you are writing scripts for the web, having your own local server to do the testing on is not only useful, it is essential. The last thing that you really want to be doing is to use the live server where the final script is going to run to do your testing. Even if you use a separate password protected folder for the test copy it isn't ideal as you would then be copying the files back and forth to your computer every time you want to make a change in order to make use of a decent editor.
There are a couple of different ways you can set up your own server. The easy way is to use XAMPP or WAMP/MAMP/LAMP which provides a single install of not only Apache, PHP and mySQL but which also include some other associated utilities. This has the advantage of easy install but is the more complicated option when it comes to upgrades to the various components. The other way to handle this which gives greater control but which is more complex for the original install is to install each of the component parts of your web server - Apache, PHP, mySQL, etc separately.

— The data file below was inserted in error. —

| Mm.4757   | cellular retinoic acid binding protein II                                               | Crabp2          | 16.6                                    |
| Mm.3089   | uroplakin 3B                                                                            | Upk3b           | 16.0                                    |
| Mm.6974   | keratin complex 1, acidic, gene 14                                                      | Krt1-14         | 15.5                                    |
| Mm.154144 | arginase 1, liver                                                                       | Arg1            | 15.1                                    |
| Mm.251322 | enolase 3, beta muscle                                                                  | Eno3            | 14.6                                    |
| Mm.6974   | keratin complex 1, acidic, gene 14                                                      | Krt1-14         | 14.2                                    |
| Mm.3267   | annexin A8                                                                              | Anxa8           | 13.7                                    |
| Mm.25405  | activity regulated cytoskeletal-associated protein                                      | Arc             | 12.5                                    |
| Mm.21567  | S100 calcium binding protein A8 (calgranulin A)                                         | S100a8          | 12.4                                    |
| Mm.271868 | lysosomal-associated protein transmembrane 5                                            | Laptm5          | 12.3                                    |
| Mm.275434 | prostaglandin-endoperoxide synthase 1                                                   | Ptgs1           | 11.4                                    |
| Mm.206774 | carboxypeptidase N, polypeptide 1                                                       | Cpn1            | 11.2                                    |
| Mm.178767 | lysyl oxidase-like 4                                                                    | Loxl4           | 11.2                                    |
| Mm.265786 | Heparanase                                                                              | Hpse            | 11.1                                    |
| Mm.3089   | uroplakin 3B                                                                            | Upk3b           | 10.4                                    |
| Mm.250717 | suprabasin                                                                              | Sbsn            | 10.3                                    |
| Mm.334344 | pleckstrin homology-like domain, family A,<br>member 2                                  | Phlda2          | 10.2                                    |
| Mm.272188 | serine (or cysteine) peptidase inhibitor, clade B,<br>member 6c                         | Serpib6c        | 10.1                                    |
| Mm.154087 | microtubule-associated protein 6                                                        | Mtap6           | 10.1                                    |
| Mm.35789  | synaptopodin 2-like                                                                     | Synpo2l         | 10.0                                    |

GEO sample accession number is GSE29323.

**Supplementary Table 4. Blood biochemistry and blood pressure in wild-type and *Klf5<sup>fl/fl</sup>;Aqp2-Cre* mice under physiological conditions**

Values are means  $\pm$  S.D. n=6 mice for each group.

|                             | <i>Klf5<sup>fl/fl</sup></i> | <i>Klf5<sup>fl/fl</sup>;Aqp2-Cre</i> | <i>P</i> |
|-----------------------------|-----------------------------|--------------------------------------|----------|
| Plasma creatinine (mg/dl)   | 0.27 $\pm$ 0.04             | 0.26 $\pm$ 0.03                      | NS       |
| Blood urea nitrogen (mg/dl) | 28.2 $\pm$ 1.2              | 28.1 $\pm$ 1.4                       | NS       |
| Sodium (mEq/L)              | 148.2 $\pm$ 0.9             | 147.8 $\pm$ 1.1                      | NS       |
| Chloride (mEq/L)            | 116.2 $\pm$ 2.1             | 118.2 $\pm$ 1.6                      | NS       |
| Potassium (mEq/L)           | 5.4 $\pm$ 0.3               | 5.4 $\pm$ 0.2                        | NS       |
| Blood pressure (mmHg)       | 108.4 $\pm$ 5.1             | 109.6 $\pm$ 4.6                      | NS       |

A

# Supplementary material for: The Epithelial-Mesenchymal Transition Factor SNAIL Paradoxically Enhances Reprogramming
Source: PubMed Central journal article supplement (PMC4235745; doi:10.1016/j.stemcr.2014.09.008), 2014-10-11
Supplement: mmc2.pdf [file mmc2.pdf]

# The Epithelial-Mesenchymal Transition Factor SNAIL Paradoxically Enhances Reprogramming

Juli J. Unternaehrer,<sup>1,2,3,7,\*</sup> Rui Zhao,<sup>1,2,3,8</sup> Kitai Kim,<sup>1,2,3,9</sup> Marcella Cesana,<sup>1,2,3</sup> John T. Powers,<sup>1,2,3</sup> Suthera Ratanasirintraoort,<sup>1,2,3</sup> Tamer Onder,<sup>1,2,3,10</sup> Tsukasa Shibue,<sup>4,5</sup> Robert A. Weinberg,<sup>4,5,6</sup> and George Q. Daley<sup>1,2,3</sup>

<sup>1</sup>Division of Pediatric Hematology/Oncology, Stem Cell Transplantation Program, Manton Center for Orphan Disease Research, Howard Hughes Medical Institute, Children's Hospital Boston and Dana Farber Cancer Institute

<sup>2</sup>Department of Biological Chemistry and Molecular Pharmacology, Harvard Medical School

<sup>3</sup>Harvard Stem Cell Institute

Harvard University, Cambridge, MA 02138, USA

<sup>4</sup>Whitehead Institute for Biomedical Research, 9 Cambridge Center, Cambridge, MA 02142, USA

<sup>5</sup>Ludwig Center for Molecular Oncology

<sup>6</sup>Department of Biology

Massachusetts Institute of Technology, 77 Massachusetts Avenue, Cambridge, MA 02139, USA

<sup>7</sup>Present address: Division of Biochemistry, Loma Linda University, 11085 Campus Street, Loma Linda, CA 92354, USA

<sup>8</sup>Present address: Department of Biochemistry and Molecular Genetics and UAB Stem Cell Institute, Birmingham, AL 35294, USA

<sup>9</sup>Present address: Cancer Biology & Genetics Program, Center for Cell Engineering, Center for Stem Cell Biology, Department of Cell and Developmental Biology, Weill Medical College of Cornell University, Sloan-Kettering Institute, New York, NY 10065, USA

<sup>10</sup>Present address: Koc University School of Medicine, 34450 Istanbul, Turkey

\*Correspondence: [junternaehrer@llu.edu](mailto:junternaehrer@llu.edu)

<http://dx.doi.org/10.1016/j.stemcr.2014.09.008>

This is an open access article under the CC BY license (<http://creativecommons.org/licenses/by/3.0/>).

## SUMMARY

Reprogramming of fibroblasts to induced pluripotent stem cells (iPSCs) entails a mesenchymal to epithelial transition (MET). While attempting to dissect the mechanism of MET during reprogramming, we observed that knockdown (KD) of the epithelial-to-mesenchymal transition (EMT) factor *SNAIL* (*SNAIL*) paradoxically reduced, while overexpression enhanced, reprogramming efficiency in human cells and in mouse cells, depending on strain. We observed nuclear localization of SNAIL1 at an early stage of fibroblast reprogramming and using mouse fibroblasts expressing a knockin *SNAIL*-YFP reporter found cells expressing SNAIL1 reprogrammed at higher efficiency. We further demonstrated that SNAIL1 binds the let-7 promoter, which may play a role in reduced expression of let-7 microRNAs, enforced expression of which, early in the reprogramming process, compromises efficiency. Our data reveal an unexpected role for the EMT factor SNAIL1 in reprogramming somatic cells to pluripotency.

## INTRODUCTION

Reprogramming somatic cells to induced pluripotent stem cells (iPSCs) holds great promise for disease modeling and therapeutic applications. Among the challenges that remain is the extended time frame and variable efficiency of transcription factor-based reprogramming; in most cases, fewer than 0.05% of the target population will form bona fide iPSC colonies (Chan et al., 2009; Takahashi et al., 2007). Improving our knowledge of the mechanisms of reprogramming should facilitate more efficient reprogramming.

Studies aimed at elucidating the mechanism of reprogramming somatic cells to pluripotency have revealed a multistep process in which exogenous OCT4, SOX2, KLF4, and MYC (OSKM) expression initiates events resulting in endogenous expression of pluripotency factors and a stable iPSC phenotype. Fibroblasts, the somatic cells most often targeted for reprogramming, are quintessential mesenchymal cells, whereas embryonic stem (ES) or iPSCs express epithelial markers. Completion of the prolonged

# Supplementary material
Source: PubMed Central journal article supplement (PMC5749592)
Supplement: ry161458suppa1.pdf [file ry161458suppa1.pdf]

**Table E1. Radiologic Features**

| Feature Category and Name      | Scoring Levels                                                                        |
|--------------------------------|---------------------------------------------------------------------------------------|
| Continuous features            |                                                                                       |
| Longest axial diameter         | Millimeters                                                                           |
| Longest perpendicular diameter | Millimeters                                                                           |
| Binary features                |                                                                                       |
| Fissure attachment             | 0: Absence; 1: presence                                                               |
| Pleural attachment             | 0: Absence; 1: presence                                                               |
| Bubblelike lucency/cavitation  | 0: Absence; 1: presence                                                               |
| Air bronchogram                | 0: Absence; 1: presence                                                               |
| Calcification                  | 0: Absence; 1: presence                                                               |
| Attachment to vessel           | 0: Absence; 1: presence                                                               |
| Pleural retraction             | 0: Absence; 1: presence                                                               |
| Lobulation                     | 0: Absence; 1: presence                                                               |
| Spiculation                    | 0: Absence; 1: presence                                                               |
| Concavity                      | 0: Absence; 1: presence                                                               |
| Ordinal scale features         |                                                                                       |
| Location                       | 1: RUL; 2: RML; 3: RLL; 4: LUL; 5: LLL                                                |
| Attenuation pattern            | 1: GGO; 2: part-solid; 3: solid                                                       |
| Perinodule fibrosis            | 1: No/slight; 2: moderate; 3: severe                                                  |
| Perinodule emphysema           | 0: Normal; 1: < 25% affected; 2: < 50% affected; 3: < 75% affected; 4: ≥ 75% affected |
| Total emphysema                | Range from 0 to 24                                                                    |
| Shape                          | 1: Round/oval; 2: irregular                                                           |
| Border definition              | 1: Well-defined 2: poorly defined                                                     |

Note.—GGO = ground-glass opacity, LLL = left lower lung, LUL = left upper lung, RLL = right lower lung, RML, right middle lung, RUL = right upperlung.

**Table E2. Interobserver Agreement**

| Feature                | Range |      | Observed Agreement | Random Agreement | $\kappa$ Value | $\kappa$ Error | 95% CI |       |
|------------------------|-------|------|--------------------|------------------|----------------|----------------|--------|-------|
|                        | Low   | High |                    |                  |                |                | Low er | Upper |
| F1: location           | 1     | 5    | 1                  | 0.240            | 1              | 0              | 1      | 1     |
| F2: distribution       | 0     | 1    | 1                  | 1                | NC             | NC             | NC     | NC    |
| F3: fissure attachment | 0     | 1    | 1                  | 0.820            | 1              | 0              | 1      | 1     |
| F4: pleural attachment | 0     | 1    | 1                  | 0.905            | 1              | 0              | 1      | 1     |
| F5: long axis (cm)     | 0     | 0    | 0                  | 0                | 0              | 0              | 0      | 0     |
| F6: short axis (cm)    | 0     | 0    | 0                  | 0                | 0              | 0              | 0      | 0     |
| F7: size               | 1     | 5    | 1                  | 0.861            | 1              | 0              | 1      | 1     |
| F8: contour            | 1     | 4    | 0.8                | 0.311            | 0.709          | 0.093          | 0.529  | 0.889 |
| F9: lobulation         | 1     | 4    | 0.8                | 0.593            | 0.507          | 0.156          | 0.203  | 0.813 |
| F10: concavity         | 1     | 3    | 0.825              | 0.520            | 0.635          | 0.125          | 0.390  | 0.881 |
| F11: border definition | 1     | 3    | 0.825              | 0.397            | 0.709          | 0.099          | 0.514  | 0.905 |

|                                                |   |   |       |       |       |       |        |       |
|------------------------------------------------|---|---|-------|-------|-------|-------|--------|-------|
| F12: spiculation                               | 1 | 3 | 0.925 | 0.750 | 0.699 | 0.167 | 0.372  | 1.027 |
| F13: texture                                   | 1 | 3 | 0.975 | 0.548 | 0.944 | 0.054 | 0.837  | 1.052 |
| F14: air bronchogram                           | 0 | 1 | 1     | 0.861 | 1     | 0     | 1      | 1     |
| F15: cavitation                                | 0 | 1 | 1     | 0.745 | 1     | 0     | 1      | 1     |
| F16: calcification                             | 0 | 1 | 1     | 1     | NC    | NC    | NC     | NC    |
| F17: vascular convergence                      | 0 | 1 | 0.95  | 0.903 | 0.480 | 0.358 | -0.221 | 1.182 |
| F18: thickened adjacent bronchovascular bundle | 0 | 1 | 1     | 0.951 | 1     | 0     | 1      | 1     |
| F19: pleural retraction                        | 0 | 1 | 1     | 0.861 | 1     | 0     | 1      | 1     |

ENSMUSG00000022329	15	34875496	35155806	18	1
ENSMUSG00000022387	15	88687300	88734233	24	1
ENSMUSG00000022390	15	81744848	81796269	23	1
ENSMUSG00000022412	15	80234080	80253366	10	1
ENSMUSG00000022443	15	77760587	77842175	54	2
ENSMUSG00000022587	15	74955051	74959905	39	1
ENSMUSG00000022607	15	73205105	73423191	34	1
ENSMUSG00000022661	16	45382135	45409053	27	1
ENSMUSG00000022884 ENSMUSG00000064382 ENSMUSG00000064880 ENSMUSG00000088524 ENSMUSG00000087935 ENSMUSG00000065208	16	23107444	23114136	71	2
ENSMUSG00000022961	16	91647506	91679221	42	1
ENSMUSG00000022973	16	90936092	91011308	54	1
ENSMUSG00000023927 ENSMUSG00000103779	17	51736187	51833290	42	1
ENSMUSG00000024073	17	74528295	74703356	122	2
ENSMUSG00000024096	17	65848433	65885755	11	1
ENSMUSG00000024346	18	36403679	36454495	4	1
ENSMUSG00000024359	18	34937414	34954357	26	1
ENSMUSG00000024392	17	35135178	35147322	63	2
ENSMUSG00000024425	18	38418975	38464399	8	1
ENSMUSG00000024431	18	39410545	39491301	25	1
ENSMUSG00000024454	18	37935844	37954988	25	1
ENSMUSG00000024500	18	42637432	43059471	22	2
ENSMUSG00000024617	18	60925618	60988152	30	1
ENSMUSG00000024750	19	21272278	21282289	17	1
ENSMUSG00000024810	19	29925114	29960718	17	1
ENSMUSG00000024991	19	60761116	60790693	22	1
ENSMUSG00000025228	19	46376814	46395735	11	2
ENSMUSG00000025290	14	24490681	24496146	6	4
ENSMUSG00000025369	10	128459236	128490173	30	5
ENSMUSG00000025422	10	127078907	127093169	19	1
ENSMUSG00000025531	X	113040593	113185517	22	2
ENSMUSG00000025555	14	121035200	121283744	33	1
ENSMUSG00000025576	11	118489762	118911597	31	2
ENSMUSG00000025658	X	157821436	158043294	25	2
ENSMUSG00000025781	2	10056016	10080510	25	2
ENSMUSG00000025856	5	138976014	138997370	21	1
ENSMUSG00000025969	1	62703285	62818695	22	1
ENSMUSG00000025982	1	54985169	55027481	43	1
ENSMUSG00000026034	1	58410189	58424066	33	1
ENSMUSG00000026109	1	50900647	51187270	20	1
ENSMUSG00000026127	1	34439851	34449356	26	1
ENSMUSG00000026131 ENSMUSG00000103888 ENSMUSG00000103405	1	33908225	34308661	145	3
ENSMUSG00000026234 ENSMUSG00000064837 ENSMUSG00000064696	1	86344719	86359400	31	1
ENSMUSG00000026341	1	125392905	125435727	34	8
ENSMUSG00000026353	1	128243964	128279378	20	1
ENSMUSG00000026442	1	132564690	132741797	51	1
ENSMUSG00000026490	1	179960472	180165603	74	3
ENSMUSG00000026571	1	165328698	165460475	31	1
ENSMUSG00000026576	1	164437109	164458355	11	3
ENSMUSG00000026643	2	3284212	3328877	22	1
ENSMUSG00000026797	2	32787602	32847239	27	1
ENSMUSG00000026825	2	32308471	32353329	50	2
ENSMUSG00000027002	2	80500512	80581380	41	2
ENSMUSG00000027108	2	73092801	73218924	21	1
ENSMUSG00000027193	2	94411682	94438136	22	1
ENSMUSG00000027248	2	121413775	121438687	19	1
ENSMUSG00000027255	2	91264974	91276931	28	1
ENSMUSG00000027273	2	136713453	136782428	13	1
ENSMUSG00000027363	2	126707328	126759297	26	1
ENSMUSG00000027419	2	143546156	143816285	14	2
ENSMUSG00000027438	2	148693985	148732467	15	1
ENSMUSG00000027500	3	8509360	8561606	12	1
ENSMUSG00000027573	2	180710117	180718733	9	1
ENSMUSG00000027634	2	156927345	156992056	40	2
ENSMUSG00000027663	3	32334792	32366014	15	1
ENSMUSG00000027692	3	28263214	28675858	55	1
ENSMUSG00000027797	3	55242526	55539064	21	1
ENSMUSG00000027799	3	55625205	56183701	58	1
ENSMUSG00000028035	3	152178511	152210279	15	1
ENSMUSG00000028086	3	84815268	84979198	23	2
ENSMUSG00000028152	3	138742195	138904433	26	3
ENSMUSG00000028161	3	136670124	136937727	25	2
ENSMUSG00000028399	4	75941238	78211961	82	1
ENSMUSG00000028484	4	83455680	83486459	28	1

No matter which way you set up your test server, the fact that it is a different server from your live site means that the configuration will be potentially different and what works on one server may produce unexpected results on the other. The simplest part of the configuration to check is version numbers. Are you running the same version of Apache, PHP and mySQL on both servers. The ideal solution is to have the same version of each of these running in both places but it is not necessarily going to be a problem if the versions are not exactly the same. Where the versions are different you need to be aware of what has changed between the versions so as to take that into account in the way you write your code. Often shared hosting provides multiple versions of PHP on the server so that you can select to run the version there corresponding to your test environment so as to ensure that they are as close as possible - possibly differing in which maintenance patches are installed but having no significant difference in what code they support. When you are coding PHP the version differences for Apache and mySQL are going to be less significant in terms of the code you write.